Maryland State Archives
350 Rowe Boulevard
Annapolis, MD 21401 Phone: (410) 260-6400
IntroductionReturn to Introduction
Dr. Edward C. Papenfuse, State Archivist
Whether or not we began the 21st Century or really entered the third millennium as of January 1, 2000 will always be a matter of scholarly debate. Such distinguished keepers of the time as the U. S. Naval Observatory and the Royal Observatory Greenwich remind us that mathematically neither really begins until January 1, 2001, and newspapers in 1800 and 1900 were of the same opinion with regard to the advent of their respective centuries. In 1900 the Baltimore Sun (Monday, December 31, 1900) pointed out that Emperor William of Germany and the editor of a Chicago newspaper, "alone, of all the inhabitants of the world, began the twentieth century on January 1, 1900. The rest of us have been content to let the nineteenth century live 100 years."
Two hundred years ago last December, as the year 1800 approached, the London Times sputtered and pontificated:We have uniformly rejected all letters and declined all discussion upon the question of when the present century ends, as it is one of the most absurd that can engage the public attention, and we are astonished to find it has been the subject of so much dispute, since it appears plain. The present century will not terminate till January 1, 1801, unless it can be made out that 99 are 100... It is a silly, childish discussion, and only exposes the want of brains of those who maintain a contrary opinion to that we have stated...To complicate matters further, officially Marylanders, and much of the rest of the English speaking world, did not recognize January 1 as the beginning of a new year until 1752, one hundred and thirty years after the granting of Maryland's charter when an Act of Parliament required the adoption of the Gregorian Calendar. Until then, from 1634 until 1753, what is now our Maryland Day, March 25, marked the official beginning of the new year. Obviously historically we have the right to celebrate new year's twice if we care to do so, but also, as Frank Porter explains in the February 22, 1999 issue of the Archivist's Bulldog, anyone consulting Maryland records prior to 1752, needs to be very careful about interpreting the year of any documents dated between January 1 and March 25. A newspaper dated January 13, 1700, for example, was really published in January 1701.The Times, 26 December 1799 [source: http://www.rog.nmm.ac.uk/leaflets/new_mill.html]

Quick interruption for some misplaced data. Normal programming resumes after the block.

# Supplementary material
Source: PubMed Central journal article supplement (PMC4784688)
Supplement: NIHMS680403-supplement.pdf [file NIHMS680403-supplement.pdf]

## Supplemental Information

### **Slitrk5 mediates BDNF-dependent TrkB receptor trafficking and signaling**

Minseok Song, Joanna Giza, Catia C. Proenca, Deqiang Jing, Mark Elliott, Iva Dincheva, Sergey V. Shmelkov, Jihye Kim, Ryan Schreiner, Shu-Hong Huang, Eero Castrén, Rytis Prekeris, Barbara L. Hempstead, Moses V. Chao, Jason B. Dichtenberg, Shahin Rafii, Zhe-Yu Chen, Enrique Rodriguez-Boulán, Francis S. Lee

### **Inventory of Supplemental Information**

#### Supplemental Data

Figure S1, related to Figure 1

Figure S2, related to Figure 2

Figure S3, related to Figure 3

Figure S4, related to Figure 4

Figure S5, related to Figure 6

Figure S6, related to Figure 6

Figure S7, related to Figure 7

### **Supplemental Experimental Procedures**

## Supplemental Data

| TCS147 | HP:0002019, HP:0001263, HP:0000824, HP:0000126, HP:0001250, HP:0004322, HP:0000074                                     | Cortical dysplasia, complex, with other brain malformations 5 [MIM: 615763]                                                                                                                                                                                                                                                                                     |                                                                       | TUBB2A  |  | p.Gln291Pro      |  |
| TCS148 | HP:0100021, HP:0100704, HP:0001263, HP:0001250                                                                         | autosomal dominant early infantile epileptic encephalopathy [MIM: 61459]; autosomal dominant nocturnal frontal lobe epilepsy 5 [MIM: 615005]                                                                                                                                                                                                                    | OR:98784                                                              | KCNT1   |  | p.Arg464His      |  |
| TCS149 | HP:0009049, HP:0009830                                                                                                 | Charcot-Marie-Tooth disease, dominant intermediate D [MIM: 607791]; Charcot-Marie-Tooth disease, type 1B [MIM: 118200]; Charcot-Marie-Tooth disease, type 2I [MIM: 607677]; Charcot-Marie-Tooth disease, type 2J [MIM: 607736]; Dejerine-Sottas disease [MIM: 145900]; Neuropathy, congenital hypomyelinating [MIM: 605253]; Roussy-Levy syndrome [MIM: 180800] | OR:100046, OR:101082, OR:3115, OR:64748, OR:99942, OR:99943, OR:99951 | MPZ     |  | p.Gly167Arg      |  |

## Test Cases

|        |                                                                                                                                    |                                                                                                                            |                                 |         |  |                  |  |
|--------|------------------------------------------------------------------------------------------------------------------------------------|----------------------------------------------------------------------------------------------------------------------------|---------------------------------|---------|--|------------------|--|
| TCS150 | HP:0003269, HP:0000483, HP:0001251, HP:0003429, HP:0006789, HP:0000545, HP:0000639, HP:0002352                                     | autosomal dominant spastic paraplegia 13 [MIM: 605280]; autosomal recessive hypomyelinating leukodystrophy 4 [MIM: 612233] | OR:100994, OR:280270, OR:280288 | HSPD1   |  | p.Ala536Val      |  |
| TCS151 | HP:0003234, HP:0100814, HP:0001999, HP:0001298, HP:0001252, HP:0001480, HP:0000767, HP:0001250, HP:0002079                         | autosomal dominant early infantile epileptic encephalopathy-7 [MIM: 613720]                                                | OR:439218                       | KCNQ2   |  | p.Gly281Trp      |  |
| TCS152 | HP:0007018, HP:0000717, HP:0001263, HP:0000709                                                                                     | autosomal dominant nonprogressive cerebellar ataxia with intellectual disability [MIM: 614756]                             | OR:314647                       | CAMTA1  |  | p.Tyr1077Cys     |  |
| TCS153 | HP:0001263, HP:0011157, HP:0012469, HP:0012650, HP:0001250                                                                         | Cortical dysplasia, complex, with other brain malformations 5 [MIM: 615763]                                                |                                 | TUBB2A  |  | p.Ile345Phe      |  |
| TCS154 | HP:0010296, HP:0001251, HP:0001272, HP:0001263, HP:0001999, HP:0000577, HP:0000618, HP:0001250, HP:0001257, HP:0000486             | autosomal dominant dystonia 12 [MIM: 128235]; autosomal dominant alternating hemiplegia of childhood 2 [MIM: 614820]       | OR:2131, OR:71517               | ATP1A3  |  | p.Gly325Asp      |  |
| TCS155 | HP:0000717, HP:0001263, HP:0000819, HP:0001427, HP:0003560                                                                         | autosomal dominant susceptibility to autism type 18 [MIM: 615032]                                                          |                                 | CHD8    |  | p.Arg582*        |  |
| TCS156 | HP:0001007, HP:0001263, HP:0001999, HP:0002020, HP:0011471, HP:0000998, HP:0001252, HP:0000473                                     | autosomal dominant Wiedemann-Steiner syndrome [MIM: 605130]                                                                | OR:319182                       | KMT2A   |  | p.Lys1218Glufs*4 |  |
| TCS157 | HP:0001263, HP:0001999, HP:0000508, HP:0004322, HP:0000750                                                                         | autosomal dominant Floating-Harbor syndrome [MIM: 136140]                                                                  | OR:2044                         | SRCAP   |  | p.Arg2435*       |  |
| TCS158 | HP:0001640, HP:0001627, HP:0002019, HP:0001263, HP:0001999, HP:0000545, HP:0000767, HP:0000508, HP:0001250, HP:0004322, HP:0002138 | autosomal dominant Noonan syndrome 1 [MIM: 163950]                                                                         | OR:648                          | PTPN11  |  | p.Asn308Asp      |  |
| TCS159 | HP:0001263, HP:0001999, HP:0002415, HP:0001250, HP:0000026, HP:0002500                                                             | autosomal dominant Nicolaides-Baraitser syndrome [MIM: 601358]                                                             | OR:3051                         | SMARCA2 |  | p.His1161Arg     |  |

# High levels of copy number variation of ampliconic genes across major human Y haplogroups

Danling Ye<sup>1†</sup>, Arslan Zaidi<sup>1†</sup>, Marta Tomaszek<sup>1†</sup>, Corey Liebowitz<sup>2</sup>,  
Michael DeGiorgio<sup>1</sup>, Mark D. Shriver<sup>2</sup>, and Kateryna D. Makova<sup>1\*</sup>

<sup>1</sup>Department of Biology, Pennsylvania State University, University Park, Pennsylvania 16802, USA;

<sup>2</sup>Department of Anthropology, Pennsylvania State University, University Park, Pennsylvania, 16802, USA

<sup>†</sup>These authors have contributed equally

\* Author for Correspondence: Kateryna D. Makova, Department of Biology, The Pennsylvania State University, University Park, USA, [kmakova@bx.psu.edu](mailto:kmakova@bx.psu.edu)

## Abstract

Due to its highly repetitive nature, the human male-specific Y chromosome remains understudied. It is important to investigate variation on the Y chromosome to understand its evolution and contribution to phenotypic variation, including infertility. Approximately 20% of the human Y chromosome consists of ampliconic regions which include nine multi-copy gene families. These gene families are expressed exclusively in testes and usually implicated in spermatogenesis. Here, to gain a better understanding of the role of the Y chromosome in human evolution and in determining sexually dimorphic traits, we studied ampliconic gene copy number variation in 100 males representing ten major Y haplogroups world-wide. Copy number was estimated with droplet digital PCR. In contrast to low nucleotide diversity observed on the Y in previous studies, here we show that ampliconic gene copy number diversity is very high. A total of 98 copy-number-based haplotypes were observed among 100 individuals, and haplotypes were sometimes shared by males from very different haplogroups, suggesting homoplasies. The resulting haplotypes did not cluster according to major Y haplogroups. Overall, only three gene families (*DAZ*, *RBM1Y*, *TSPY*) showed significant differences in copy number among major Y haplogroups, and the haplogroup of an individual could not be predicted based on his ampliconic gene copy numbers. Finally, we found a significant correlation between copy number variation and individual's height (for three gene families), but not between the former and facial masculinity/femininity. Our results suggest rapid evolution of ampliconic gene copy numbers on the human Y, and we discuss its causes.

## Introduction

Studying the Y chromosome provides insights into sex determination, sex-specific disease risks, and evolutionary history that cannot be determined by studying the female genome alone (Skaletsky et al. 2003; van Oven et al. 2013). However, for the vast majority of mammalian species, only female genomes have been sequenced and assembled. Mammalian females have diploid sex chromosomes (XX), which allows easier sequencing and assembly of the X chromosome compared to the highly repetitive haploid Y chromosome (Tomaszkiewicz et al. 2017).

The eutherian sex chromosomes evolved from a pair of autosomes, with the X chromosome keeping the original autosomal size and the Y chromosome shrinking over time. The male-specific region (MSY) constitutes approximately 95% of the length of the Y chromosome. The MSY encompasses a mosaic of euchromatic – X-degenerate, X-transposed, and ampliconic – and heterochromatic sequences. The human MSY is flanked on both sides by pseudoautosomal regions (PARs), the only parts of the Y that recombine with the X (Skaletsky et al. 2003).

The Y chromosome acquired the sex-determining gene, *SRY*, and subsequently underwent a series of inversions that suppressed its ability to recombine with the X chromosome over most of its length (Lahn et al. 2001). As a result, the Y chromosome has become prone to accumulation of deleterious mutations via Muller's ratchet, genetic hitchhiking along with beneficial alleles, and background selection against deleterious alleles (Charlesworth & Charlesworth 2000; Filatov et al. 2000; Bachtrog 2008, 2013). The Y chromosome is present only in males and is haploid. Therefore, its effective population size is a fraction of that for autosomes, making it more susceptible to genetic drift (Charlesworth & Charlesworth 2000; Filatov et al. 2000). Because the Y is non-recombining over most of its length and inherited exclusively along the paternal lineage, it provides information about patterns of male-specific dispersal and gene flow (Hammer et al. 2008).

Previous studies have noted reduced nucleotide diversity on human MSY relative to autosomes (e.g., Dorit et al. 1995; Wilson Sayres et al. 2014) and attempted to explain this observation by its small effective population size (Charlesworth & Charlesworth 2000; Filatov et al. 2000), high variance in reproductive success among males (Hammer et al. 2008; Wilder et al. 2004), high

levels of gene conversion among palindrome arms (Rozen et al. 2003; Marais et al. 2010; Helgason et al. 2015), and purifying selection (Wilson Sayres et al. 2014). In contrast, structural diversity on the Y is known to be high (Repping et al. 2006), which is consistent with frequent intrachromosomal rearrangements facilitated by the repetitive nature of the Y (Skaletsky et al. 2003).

Whether or not we have an extra twelve months in which to properly prepare for the advent of a new century and a new millennium need not trouble the 414th session of the Maryland General Assembly, just as it does not trouble those in almost every nation of the world who celebrated the beginning of this new year, 2000. What we can do is look back with interest at what the General Assembly was doing one hundred, two hundred, and three hundred years ago, reflecting briefly on the issues of the day and the legislation enacted, secure in the knowledge that the American experiment in representative government, open now to the participation of every citizen over the age of eighteen, is alive and thriving in the Maryland State House regardless of what century or millennium it may or may not be.
As we begin our brief journey into the past, I would like to thank those of the Maryland State Archives staff who are engaged in making the Archives web site the most reliable and authoritative source of Maryland legislative, executive and judicial proceedings from the earliest times to the near present, at which point we join forces with the good work currently underway on the Governor's, the Legislature's and the Judiciary's own web sites. With a grant from the Maryland Information Technology Fund, and through what we hope will be continuing General Fund appropriations, the Maryland State Archives is placing on line the collective memory of State Government for the edification and enjoyment of all Marylanders and all prospective friends of Maryland, whether they be potential investors in our future, or just contemplating a visit to the Old Line State. For continually updated and current information follow the links to the Maryland Manual On Line (http://mdsa.net/msa/mdmanual/html/mmtoc.html) and to the Archives of Maryland (http://archivesofmaryland.net).
For what the Legislature was up to in 1700, 1800, and 1900, let us begin by following the links from here:
Guide to Documents
1700 General Assembly
April 26, - May 9, 17001800 General Assemblies
Henry Jowles, Calvert County, President of the Council
Thomas Smithson, Talbot County, Speaker of the Lower House
November 4, 1799 - January 3, 1800
John Thomas, Western Shore, President of the Senate
Henry Henley Chapman, Charles County, Speaker of the House
November 3 - December 19, 18001900 General Assembly
John Thomas, Western Shore, President of the Senate
Edward Hall, Anne Arundel County, Speaker of the House
January 3 - April 2, 1900
John Hubner, Baltimore County, President of the Senate
Lloyd Wilkinson, Worcester County, Speaker of the House
The Archives of Maryland Documents for the Classroom series of the Maryland State Archives was designed and developed by Dr. Edward C. Papenfuse and Dr. M. Mercer Neale. This packet was prepared with the assistance of Lynne MacAdam, Kathy Beard, Greg Lepore, Nancy Bramucci, R. J. Rockefeller, and other members of the Archives staff. MSA SC 2221-27. Publication no. 2078.
For further inquiries, please contact Dr. Papenfuse at:
Phone: MD toll free 800-235-4045 or 410-260-6401
© Copyright January 2000 Maryland State Archives.